The title of this body of work comes from a 1938 book, As Other’s See You: A History of Plastic Surgery, written by my great-grandfather. Charting his practice during the infancy of cosmetic surgery, this book was intended to promote the new field to the general public and describes his experimental procedures. He states, "Nature when imperfect is often very ugly and repellent. A thing cannot be beautiful and ugly." I focus on the inherent contradictions in his work: the necessity of precision versus the risk of invention, the power to heal versus the fostering of insecurity.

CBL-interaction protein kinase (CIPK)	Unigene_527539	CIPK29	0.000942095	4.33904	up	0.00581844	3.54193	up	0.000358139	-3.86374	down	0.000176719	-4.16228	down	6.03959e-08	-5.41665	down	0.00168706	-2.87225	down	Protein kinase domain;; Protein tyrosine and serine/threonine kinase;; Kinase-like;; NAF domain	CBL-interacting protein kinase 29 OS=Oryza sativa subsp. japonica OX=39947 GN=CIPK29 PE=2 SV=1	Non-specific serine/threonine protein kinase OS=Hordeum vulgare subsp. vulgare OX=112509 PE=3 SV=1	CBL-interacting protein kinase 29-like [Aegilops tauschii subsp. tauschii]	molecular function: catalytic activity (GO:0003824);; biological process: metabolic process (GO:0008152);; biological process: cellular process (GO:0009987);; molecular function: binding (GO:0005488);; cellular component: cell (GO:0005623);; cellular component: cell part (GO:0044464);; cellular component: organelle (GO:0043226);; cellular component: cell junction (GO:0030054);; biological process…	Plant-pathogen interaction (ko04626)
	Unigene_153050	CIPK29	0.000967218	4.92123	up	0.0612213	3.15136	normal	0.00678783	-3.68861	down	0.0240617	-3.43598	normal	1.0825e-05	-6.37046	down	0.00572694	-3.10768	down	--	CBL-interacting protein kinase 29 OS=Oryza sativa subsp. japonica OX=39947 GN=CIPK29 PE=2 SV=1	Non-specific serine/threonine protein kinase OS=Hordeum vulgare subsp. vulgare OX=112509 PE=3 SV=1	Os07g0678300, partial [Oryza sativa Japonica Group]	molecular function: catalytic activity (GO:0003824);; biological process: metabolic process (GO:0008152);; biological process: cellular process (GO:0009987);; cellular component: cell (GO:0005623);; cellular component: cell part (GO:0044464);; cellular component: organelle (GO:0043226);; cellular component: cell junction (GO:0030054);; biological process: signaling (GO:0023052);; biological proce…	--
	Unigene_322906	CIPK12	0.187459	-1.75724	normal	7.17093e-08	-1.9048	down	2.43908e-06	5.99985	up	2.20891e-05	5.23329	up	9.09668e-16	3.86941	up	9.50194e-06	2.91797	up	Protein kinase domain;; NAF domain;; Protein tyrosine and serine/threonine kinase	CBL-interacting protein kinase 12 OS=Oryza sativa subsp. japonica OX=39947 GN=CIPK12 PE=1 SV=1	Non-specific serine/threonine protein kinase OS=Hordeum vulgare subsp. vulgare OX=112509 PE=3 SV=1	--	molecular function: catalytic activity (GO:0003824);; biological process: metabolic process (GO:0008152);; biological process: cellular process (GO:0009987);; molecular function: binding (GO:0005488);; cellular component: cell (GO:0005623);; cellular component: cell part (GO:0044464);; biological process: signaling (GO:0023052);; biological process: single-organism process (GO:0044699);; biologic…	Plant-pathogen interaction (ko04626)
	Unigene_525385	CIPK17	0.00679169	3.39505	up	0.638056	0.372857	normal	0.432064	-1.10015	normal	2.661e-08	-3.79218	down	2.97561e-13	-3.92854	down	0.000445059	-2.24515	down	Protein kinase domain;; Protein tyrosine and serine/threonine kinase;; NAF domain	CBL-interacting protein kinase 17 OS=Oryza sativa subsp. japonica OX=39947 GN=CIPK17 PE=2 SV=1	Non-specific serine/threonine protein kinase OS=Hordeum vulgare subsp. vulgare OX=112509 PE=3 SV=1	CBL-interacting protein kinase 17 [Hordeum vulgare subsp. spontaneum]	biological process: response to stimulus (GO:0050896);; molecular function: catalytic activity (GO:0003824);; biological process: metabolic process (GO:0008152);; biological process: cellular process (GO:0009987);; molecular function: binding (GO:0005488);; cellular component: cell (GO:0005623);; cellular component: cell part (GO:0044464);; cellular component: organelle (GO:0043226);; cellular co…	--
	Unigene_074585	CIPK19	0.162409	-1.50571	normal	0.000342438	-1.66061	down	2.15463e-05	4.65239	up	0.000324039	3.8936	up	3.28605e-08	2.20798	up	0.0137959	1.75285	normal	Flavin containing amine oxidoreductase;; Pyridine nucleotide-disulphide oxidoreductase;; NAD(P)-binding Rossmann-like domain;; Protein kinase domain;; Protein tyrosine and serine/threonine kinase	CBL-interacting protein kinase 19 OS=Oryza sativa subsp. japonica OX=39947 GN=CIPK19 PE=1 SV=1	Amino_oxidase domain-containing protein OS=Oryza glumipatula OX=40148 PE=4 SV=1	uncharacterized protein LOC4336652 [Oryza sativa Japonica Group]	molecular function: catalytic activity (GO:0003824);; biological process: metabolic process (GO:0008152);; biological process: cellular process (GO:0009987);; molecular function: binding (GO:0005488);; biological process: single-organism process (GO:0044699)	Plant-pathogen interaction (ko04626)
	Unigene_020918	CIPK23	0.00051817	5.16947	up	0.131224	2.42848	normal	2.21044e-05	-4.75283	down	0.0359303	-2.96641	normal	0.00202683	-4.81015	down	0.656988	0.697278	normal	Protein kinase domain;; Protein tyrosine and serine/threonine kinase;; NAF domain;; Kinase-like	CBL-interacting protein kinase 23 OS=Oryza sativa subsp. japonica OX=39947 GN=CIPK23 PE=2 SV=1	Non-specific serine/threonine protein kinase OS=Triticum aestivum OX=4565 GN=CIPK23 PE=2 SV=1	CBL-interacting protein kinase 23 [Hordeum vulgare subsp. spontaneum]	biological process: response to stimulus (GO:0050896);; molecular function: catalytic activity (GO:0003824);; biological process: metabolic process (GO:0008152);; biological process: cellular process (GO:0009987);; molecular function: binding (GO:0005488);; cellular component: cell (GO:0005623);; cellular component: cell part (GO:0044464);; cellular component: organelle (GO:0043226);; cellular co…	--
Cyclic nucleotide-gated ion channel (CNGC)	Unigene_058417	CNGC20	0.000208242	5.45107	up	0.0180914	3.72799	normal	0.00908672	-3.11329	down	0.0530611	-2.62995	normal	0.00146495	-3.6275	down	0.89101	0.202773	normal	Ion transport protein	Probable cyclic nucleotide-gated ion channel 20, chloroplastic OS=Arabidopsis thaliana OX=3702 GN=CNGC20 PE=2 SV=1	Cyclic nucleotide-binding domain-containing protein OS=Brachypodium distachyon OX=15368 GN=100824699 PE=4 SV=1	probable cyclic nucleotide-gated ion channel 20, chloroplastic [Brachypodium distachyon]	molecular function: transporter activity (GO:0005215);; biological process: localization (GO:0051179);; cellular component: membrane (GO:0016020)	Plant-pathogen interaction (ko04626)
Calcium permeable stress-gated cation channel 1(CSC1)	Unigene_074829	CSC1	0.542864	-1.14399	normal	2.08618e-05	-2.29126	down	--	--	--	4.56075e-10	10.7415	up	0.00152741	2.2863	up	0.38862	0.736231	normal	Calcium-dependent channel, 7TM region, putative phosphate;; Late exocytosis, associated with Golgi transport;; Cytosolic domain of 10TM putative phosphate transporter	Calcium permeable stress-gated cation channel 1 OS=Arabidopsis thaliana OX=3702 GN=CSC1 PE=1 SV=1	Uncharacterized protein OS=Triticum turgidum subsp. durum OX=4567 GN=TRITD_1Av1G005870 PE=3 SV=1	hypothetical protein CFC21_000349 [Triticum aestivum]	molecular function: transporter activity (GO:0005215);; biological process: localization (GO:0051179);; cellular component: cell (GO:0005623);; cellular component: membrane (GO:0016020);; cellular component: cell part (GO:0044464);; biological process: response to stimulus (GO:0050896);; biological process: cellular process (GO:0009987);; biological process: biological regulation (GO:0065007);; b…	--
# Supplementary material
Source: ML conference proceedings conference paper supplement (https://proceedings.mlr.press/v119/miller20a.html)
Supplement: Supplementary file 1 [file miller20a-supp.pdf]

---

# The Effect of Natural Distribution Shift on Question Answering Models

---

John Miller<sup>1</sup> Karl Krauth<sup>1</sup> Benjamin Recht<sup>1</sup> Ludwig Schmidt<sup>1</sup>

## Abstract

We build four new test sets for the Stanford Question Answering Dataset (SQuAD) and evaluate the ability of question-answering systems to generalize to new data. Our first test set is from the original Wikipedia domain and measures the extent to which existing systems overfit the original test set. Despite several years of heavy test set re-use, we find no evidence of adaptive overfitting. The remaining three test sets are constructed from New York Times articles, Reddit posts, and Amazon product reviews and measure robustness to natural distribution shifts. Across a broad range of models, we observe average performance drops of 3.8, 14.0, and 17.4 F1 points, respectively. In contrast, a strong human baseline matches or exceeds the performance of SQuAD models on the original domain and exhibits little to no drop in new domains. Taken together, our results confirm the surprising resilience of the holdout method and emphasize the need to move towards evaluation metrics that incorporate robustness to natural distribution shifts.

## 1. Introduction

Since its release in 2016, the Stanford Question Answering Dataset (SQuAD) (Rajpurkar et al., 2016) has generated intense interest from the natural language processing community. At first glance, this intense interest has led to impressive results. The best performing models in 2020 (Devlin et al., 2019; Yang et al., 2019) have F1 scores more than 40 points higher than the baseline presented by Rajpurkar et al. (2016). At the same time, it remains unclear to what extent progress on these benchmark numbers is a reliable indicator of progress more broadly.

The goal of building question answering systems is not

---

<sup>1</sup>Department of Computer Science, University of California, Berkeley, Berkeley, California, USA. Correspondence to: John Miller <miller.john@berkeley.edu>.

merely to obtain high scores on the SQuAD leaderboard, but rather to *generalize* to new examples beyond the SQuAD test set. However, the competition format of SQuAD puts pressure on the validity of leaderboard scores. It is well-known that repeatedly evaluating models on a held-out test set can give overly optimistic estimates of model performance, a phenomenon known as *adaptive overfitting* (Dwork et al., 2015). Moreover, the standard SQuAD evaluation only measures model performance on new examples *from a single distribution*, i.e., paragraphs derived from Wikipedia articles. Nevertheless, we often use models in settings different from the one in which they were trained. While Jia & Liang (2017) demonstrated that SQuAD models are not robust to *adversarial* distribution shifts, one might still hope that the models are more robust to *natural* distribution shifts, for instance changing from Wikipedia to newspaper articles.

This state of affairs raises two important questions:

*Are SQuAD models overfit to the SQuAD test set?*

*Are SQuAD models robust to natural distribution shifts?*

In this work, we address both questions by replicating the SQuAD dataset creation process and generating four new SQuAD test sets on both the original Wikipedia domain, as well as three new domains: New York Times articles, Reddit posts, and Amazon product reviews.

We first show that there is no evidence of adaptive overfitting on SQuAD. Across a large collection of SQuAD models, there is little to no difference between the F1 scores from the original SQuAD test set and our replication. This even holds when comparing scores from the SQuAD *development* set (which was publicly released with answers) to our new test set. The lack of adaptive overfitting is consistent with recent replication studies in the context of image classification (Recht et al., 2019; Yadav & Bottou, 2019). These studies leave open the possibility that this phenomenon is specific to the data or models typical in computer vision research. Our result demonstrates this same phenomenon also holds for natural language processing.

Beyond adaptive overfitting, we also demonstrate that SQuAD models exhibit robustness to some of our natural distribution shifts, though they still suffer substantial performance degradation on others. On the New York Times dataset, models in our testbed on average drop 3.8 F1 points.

In 1923 Dr. Schireson performed a nose job on Ziegfield Follie’s star Fanny Brice in a hotel room in New York City. My stop-motion animation “Fanny Brice Erased” is based on their interaction and the media activity that surrounded the surgery. Time-based media allows me to capture the life of a single charcoal drawing on paper, and each one minute film consists of approximately 800 changes that occur to the drawing. Through animation I record forms being built, deconstructed, or reconstructed. In the end, the image is completely erased and I am left with a blank sheet of paper. The erasure of the drawing and of the figure speaks to the masking of identity and the violence of cosmetic surgery. No drawing on the paper survives this process; only the digital history is left.